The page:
At 11:52 PM 2/3/98 +0000, you wrote:
>In the latest issue of PC Magazine is a column describing a Microsoft
>"industry standard" called PC98, which has started to be implemented
>already. Bottom line, it will put an end to the ISA bus. All
>peripherals will run on the 66-100 Mhz PCI or AGP bus.
>On the plus side, this will put an end to IRQ problems, and also be
>a significantly faster bus. On the negative side, it's gonna leave a
>lot of orphan ISA devices with no place to plug them in new
>Anyone in the computer biz have any more info on all this?
I work for the IBM PC Company, and I'm familiar with (but no
expert on) the Microsoft PC Design Guidelines that are issued
on a yearly basis.
To quickly answer the question, PC98 does not require PCs to
have no ISA slots. Rather it requires that all system devices
like audio, mouse, keyboard, modem (if present), video, disks, etc.
be on one of the newer more advanced buses like PCI, USB, or AGP.
It also says a PC OEM cannot ship a PC from the factory
which contains a device that occupies an ISA slot. Thus the
system will come with ISA slots, but no devices using them.
Obviously, the customer can add ISA devices. I believe in the
short run this will actually be an advantage to hams because
it will free up resources on the ISA bus like IRQs.
History & Future:
The Microsoft PC Design Guidelines came out of work that
Microsoft, Intel, and Compaq started several years ago
to try and better enforce standards on all PC OEMs thus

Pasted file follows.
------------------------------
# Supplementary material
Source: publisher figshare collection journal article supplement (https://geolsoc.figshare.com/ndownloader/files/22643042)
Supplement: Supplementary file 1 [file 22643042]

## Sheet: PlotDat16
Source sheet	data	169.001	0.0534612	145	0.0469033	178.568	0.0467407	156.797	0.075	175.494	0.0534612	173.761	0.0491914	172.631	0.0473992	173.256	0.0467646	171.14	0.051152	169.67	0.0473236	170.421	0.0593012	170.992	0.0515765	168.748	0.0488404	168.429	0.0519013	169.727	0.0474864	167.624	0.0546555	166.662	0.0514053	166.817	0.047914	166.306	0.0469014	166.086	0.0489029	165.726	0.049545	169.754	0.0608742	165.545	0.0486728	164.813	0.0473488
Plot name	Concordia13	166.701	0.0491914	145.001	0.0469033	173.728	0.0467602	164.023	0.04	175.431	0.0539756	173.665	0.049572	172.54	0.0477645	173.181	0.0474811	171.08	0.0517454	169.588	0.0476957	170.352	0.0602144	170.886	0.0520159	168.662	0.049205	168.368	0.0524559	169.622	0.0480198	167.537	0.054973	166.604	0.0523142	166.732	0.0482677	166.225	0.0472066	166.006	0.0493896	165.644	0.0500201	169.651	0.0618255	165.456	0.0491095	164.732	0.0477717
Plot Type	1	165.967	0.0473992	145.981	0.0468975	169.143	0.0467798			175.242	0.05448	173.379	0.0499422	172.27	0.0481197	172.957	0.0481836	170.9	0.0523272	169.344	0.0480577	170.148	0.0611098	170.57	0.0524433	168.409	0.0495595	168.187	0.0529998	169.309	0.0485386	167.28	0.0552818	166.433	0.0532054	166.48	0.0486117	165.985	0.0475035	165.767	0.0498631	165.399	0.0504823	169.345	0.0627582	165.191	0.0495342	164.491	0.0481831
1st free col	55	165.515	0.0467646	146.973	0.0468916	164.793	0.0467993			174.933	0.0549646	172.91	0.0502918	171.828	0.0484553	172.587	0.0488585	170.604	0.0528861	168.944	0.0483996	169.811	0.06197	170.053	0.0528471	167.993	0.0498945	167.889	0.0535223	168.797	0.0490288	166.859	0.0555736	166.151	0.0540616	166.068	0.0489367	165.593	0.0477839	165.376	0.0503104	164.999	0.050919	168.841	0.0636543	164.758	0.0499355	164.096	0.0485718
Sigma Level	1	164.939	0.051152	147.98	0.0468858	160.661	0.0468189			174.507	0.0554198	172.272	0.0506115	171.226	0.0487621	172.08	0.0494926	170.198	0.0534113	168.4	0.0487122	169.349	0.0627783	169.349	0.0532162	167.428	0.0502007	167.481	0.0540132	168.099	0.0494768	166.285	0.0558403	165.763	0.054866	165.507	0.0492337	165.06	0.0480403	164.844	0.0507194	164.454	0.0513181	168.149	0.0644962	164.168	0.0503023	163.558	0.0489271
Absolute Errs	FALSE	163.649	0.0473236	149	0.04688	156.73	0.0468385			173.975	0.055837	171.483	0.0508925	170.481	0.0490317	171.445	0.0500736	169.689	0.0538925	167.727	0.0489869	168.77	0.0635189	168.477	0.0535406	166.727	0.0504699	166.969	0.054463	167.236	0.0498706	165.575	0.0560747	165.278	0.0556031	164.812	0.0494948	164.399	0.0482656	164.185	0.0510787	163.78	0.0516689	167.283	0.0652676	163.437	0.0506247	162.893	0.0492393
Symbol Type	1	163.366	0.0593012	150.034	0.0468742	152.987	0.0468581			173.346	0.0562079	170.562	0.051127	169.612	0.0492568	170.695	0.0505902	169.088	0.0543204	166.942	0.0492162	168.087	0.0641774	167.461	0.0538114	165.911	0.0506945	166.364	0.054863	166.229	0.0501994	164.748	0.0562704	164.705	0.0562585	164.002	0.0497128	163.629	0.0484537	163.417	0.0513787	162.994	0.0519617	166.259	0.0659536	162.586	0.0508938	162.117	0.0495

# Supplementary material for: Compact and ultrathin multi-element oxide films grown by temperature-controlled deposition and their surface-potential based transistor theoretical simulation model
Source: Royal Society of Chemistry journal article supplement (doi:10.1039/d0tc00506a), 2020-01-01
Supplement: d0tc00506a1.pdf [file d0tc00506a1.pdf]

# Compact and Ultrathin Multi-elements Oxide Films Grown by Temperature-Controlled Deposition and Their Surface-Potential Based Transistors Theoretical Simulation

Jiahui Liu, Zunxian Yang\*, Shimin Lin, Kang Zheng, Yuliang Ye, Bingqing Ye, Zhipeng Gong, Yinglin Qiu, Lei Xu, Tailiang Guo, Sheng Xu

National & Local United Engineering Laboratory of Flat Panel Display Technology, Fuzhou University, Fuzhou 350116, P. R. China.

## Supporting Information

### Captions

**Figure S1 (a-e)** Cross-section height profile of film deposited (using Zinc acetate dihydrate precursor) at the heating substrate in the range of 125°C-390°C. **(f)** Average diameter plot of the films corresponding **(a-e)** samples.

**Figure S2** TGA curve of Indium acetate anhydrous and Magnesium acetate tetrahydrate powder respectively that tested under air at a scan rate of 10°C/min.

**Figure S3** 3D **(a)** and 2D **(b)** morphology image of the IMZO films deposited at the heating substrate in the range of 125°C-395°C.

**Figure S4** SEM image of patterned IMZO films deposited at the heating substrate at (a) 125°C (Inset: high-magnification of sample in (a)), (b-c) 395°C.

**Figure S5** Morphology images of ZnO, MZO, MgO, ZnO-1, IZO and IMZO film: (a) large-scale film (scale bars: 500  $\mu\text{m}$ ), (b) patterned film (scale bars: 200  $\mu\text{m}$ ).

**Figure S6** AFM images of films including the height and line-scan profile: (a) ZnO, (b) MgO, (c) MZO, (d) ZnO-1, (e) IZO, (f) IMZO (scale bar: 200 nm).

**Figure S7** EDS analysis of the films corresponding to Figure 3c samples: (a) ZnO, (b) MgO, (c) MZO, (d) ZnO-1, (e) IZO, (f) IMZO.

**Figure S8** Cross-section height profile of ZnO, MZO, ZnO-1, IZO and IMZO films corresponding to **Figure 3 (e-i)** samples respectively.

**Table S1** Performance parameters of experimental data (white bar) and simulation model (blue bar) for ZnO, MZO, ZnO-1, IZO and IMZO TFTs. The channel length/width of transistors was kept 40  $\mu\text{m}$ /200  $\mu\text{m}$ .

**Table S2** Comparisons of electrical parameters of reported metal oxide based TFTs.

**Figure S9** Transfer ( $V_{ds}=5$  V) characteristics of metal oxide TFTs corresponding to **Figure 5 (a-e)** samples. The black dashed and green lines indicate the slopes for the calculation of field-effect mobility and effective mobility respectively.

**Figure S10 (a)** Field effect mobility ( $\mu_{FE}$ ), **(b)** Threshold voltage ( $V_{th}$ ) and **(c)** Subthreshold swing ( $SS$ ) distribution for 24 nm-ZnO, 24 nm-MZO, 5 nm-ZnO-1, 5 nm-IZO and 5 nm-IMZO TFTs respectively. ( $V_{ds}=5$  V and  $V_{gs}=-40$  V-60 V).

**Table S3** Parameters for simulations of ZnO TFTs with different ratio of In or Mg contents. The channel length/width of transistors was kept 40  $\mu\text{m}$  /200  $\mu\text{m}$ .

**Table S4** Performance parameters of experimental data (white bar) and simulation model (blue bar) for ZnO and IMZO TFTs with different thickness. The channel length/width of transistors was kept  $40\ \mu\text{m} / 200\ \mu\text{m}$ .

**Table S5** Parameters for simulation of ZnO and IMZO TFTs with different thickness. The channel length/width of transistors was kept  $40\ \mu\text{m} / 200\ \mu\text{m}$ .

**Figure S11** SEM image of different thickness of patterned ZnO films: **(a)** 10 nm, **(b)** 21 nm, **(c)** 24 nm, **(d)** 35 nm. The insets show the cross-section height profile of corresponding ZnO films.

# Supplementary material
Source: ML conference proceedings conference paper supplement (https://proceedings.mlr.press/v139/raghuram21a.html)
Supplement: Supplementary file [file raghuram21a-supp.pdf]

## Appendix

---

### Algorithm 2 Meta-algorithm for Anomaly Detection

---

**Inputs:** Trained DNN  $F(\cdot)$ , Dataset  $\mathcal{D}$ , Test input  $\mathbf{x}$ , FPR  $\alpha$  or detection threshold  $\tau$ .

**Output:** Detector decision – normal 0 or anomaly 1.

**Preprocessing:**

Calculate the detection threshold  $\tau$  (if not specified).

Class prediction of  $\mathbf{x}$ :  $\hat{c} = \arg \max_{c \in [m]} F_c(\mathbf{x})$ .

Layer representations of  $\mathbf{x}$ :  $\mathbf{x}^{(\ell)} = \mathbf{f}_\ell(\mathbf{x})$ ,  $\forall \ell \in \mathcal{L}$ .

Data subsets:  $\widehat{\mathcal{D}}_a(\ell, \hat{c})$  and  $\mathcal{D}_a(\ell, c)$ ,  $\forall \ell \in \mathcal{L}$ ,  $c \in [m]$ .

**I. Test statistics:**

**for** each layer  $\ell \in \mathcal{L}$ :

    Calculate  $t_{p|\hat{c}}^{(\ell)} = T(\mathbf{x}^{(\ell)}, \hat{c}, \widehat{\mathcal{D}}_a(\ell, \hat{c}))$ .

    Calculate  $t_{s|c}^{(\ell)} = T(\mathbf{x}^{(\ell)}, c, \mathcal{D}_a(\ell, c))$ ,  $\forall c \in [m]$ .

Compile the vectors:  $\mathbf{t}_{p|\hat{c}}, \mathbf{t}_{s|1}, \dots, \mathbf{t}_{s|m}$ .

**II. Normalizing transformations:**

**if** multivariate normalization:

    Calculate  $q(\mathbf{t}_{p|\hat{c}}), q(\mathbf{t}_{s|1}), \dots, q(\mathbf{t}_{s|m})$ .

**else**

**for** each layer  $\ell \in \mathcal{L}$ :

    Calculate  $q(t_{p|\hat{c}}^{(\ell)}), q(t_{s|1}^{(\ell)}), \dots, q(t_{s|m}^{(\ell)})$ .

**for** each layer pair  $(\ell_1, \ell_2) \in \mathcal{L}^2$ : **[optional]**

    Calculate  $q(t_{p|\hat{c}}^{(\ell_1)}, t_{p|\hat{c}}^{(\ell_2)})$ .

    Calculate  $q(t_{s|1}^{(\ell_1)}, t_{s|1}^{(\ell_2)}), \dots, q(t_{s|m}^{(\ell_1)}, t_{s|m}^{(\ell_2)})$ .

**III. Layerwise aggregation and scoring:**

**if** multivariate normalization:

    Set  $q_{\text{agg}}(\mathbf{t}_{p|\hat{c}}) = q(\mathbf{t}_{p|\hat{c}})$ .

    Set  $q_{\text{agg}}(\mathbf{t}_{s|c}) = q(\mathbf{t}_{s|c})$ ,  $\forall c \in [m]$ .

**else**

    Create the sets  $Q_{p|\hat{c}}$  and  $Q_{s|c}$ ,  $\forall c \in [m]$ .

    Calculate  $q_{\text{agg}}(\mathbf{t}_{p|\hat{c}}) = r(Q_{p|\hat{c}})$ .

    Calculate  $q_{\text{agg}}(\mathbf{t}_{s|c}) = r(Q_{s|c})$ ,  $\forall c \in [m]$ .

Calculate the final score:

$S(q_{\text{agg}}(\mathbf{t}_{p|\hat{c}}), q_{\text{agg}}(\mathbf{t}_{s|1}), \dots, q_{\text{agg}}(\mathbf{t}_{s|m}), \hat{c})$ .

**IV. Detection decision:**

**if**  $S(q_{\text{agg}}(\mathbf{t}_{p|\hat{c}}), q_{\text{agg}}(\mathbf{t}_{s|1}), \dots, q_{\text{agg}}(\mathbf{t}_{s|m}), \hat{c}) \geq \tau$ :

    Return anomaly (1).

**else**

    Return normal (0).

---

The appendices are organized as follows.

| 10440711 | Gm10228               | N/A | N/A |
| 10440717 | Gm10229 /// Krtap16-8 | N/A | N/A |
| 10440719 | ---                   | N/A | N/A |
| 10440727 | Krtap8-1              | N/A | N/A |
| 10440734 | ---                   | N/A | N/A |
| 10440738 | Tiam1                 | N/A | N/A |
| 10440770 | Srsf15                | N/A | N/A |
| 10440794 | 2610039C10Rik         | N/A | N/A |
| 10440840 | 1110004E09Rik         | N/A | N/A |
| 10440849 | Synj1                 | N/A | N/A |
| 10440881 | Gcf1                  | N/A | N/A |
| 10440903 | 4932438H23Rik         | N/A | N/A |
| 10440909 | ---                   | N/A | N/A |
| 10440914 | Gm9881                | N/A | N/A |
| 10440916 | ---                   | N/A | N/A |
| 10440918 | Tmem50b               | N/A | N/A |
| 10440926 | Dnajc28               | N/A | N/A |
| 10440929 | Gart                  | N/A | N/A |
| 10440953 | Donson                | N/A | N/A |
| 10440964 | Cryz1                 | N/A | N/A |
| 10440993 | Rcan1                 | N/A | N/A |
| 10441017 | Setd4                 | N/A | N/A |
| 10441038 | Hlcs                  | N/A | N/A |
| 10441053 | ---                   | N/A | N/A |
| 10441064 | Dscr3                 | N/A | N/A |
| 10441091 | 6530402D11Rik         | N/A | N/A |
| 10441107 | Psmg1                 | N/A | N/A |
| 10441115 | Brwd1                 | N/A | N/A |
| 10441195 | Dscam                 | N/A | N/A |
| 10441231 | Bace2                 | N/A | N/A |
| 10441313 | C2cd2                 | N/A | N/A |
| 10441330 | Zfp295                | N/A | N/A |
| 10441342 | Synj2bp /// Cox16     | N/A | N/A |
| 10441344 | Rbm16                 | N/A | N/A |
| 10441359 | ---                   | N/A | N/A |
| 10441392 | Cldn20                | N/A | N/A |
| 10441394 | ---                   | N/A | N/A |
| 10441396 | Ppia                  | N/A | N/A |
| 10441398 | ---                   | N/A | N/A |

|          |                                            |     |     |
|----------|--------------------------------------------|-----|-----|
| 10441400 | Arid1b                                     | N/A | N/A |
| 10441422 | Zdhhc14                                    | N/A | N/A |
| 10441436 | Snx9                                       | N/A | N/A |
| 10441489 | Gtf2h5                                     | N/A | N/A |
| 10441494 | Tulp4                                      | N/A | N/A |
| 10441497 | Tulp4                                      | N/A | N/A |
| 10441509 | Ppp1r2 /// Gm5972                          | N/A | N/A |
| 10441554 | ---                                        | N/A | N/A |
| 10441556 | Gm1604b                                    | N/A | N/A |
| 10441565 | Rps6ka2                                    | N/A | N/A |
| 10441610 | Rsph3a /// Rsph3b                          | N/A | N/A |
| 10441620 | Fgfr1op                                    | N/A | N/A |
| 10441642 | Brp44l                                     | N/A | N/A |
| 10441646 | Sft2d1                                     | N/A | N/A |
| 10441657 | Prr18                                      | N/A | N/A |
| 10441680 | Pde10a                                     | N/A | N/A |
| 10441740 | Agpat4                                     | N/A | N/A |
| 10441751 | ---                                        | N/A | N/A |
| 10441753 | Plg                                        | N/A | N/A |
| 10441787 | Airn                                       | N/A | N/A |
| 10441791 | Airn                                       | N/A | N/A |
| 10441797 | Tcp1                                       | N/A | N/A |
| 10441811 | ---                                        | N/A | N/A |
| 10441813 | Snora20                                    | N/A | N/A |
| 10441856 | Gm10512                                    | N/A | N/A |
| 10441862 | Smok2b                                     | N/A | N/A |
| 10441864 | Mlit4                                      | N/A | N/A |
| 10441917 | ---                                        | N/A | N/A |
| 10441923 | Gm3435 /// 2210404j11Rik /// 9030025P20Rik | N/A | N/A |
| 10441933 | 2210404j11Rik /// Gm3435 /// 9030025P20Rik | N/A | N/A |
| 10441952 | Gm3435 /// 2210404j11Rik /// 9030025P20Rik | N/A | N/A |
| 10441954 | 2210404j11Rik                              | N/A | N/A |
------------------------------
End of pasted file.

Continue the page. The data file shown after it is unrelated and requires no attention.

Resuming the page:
making it easier for Microsoft and Intel to design products
that would work with all PCs. However they are just guidelines.
PC OEMs do not have to follow them, but all major PC OEMs do.
The timeline these guidelines follow is:
Aug/Sept - First external draft for the following year
Sept-Feb - Comments and revisions
March at WINHEC - final version
July 1 - Effective date
WINHEC = Microsoft Windows Hardware Engineering Conference
So PC98 will be effective for all new PC systems that are submitted
to Microsoft for operating system logo testing on or after
July 1, 1998. What this means is if a PC OEM wants their
system to be certified (or logoed) for Win 95/98 and/or
Win NT 4.0, they must submit it to Microsoft, and Microsoft
tests it for compliance to the current PC Design Guidelines.
If you pass, you get the logo. This means you will start seeing
systems that are PC98 compliant in the Aug-Sept timeframe.
Concerning the future, it is no secret that Microsoft wants
to kill ISA. It is a non-deterministic bus which makes it
difficult for their operating systems to achieve the goal
of true Plug-N-Play. The prediction is that the initial
draft of PC99 (Aug/Sep 98) will say no ISA slots. Whether
it will stick to the final version is open to debate. There are
still lots of businesses out there using legacy ISA devices.
But at some point in the next few years, ISA will go.
73, Jim Stevens, K4MA & 8P9JA
email -- firstname.lastname@example.org
WWW -- http://www.mindspring.com/~k4ma
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